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Vietnam

Not Just Harvey, How Climate Change Is Ruining Vietnam's 'Rice Bowl'

A vital source of agricultural crops, fish and shrimp, the Mekong Delta is Vietnam's most fertile area. But it's also the most fragile.

 Rural Vietnam rice paddies, Ho Chi Minh City
Rural Vietnam rice paddies, Ho Chi Minh City
Kannikar Petchkaew

CAN THO — Vietnam's Mekong Delta is a land carpeted in endless shades of greens, a water world that moves to the rhythms of the mighty Mekong River. Boats, houses and markets float upon innumerable tributaries, canals and streams that crisscross the landscape like arteries.

Some 20 million people call the Delta home, and 60 million rely on its river system. The natural environment, needless to say, is essential to life. The Mekong, as on local folk song suggests, is a lifelong partner that provides the people wisdom and guidance.

But the river system that has sustained life for so long, is now taking life. And the area itself is dying. Le Anh Tuan, a researcher with The Climate Change Research Institute at Can Tho University, says the Mekong Delta will be completely gone in the next century or two. Climate change is causing sea levels to rise, and is triggering erratic weather patterns, to which the area is particularly vulnerable due to how flat it is, the researcher explains.

Boats on Vietnam's Mekong Delta —Photo: Kannikar Petchkaew

The Mekong Delta is an agricultural miracle area that accounts for just 10% of the country's land mass and yet produces more than a third of its food crops and 60% of its shrimp and fish. Changes to the Delta, therefore, will have catastrophic impacts for the people of Vietnam.

Losing ground

Tam Sau, 61, watches her children play while she explains that the land we're sitting on, here in the Minh Thuong district, four hours drive from Can Tho, is sinking. "Look at that canal," she says, pointing across the way. "It gets wider and deeper, and the bank gets steeper every year. We hardly use the water because the bank is about to collapse. Many houses on the bank have already been moved. People there couldn't sleep at night."

Erosion can kill at anytime.

They have good reason to worry. River banks are eroding all along the Mekong Delta. Just two hours drive away, in the Dam Doi district, more than 30 houses were swallowed by the river. In April, another disaster in Nam Can district killed a family of four while they were sleeping. Everywhere, towns and homes are being swallowed up by rivers.

"Many of us have given up our long-time habit of living by the sea and rivers," Tam Sau says. "Because erosion can kill at anytime."

Phong Dien floating market. Mekong Delta, Vietnam — Photo: SergiReboredo/ZUMA

Experts say the erosion is the result of groundwater extraction, which is happening at an ever faster rate to support growing urbanization. At the same time, rising sea levels are swallowing up low lying coastal areas, which are losing hundreds of acres of land every year.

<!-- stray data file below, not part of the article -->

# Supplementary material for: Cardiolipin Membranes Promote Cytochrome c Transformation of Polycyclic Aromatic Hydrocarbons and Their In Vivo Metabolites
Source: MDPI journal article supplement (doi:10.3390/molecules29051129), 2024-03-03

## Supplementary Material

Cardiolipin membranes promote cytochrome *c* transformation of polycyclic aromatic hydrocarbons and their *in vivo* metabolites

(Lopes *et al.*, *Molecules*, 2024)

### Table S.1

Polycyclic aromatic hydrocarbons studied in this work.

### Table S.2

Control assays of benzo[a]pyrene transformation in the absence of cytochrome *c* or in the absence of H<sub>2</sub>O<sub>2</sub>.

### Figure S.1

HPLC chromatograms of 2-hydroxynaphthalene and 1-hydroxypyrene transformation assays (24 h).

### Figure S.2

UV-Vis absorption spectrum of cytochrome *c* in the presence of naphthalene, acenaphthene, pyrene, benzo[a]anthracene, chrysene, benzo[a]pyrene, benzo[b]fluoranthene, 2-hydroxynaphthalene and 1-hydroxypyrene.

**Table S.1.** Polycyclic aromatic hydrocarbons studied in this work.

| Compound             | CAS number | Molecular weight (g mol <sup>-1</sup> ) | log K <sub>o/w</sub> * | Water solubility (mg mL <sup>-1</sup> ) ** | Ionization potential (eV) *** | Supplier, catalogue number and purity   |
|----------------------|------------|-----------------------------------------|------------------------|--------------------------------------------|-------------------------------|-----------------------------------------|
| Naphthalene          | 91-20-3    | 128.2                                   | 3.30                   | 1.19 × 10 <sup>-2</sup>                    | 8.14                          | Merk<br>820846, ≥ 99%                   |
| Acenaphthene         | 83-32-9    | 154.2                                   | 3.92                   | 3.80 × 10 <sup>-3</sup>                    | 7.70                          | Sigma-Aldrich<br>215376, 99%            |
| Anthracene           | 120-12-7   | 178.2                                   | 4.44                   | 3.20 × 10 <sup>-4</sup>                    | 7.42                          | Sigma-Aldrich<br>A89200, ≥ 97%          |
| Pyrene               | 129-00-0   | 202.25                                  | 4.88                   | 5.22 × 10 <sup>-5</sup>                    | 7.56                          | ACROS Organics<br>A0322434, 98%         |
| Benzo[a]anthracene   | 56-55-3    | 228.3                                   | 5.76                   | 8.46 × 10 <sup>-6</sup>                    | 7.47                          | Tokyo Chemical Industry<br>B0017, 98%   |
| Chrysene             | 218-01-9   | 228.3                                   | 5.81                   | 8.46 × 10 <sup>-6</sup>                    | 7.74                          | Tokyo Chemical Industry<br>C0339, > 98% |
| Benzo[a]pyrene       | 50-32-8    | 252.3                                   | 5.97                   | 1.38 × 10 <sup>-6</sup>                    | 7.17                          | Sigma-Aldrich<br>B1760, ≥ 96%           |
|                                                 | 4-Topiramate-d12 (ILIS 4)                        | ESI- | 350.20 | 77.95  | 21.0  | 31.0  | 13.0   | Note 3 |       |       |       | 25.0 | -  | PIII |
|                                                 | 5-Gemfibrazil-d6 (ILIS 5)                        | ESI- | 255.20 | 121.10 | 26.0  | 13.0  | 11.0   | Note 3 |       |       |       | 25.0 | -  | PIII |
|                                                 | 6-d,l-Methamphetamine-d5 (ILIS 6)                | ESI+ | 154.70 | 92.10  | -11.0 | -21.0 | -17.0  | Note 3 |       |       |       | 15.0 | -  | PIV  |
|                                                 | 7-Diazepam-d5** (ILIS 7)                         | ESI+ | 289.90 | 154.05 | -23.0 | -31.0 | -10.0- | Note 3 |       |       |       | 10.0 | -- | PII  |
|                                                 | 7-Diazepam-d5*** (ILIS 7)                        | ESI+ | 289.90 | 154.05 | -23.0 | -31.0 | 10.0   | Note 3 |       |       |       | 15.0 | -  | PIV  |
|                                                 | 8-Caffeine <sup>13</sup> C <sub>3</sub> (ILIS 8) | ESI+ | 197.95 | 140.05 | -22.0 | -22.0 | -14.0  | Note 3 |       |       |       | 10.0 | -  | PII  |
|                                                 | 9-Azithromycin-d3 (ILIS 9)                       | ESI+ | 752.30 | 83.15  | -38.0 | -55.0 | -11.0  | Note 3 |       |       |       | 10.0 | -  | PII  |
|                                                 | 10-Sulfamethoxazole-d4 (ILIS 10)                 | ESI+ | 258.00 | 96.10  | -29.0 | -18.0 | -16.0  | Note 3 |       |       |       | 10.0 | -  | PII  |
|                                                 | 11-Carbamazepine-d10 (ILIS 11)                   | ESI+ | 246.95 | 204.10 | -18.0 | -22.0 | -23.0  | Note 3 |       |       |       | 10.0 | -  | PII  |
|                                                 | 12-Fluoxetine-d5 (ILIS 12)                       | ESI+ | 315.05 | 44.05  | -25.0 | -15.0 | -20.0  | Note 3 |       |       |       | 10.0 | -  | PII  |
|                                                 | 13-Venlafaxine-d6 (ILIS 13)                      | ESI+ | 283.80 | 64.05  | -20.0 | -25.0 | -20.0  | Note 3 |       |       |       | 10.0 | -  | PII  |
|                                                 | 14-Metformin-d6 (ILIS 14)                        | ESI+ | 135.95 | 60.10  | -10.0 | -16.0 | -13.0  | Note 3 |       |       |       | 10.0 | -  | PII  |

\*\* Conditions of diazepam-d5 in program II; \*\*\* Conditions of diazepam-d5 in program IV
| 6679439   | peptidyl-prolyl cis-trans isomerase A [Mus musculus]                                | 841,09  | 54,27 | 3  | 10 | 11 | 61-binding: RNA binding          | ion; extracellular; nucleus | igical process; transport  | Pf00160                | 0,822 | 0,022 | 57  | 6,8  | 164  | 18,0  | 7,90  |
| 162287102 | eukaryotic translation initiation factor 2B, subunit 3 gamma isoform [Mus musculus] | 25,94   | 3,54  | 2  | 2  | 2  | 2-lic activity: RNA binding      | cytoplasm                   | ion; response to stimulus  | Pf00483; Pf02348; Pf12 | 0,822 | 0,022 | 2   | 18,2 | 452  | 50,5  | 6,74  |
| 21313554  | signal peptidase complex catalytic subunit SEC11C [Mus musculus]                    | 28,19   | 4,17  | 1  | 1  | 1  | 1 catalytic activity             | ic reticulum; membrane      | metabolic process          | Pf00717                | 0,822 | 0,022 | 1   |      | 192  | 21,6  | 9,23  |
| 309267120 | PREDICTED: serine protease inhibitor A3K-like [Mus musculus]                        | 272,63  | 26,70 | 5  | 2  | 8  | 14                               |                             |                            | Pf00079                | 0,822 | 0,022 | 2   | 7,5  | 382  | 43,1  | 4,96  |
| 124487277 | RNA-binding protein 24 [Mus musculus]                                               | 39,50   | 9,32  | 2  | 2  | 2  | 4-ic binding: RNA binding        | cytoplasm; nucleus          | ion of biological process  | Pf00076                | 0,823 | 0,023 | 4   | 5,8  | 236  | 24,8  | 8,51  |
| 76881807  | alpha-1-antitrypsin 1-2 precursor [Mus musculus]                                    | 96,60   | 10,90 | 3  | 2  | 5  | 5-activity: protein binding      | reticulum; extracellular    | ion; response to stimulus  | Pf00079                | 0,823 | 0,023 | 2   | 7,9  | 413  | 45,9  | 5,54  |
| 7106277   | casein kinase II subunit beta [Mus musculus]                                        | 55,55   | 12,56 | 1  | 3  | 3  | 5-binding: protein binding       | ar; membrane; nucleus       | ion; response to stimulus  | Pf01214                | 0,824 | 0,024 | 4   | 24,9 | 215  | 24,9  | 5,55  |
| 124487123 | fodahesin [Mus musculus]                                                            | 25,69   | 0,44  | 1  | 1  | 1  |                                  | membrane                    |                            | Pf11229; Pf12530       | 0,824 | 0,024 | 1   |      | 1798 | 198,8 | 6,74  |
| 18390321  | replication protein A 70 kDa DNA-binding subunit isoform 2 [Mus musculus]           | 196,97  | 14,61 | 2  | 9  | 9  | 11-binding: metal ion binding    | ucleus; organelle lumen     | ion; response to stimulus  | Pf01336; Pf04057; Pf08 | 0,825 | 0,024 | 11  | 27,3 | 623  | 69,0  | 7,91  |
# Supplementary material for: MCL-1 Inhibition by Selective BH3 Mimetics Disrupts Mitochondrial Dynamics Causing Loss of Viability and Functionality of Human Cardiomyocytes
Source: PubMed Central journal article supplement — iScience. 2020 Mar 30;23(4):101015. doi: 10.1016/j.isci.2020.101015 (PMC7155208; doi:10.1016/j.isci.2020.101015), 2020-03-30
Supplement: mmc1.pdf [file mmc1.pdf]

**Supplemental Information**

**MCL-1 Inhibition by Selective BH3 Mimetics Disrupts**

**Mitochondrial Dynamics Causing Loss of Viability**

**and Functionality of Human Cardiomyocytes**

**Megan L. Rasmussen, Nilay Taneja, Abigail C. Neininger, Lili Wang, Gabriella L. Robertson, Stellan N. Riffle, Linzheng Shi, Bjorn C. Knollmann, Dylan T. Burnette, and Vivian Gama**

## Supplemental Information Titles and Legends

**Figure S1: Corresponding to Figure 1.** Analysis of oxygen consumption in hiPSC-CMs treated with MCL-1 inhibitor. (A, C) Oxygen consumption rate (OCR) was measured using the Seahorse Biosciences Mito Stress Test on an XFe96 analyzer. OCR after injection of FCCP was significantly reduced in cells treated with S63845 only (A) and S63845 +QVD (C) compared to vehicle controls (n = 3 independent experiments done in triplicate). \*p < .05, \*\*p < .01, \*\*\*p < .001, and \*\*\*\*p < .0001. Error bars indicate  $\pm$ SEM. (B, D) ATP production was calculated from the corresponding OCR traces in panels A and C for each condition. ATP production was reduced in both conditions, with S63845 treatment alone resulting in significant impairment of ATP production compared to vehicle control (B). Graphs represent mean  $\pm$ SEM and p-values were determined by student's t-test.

Mai Van Huang works in a natural conservation site in An Giang, not far from where the river just swallowed another row of houses. "We use to have an abundance of fish in the area," he says. "But since they started building dams upstream, fishermen near my village find it's more difficult to fish. Fish are becoming scarce. We notice it at the dinner table!"

Towns and homes all over the country are being swallowed up by rivers.

As seawater penetrates up to 90 kilometers inland, vast swathes of farm land and fisheries are being ruined, if not by the water, then by the increased salinity. "Rice crops were the first to die, followed by hardier fruit trees and coconut palms," Tam Sau explains. "Eventually, even my salt water shrimp were lost."

As I leave Tam Sau's home, I see signs sticking out of dried up shrimp ponds. "Land for sale," they read.

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food / travel

Denied The Nile: Aboard Cairo's Historic Houseboats Facing Destruction

Despite opposition, authorities are proceeding with the eviction of residents of traditional houseboats docked along the Nile in Egypt's capital, as the government aims to "renovate" the area – and increase its economic value.

Houseboats on the Nile in Zamalek, Cairo

Ahmed Medhat and Rana Mamdouh

With an eye on increasing the profitability of the Nile's traffic and utilities, the Egyptian government has begun to forcibly evict residents and owners of houseboats docking along the banks of the river, in the Kit Kat area of Giza, part of the Greater Cairo metropolis.

The evictions come following an Irrigation Ministry decision, earlier this month, to remove the homes that have long docked along the river.

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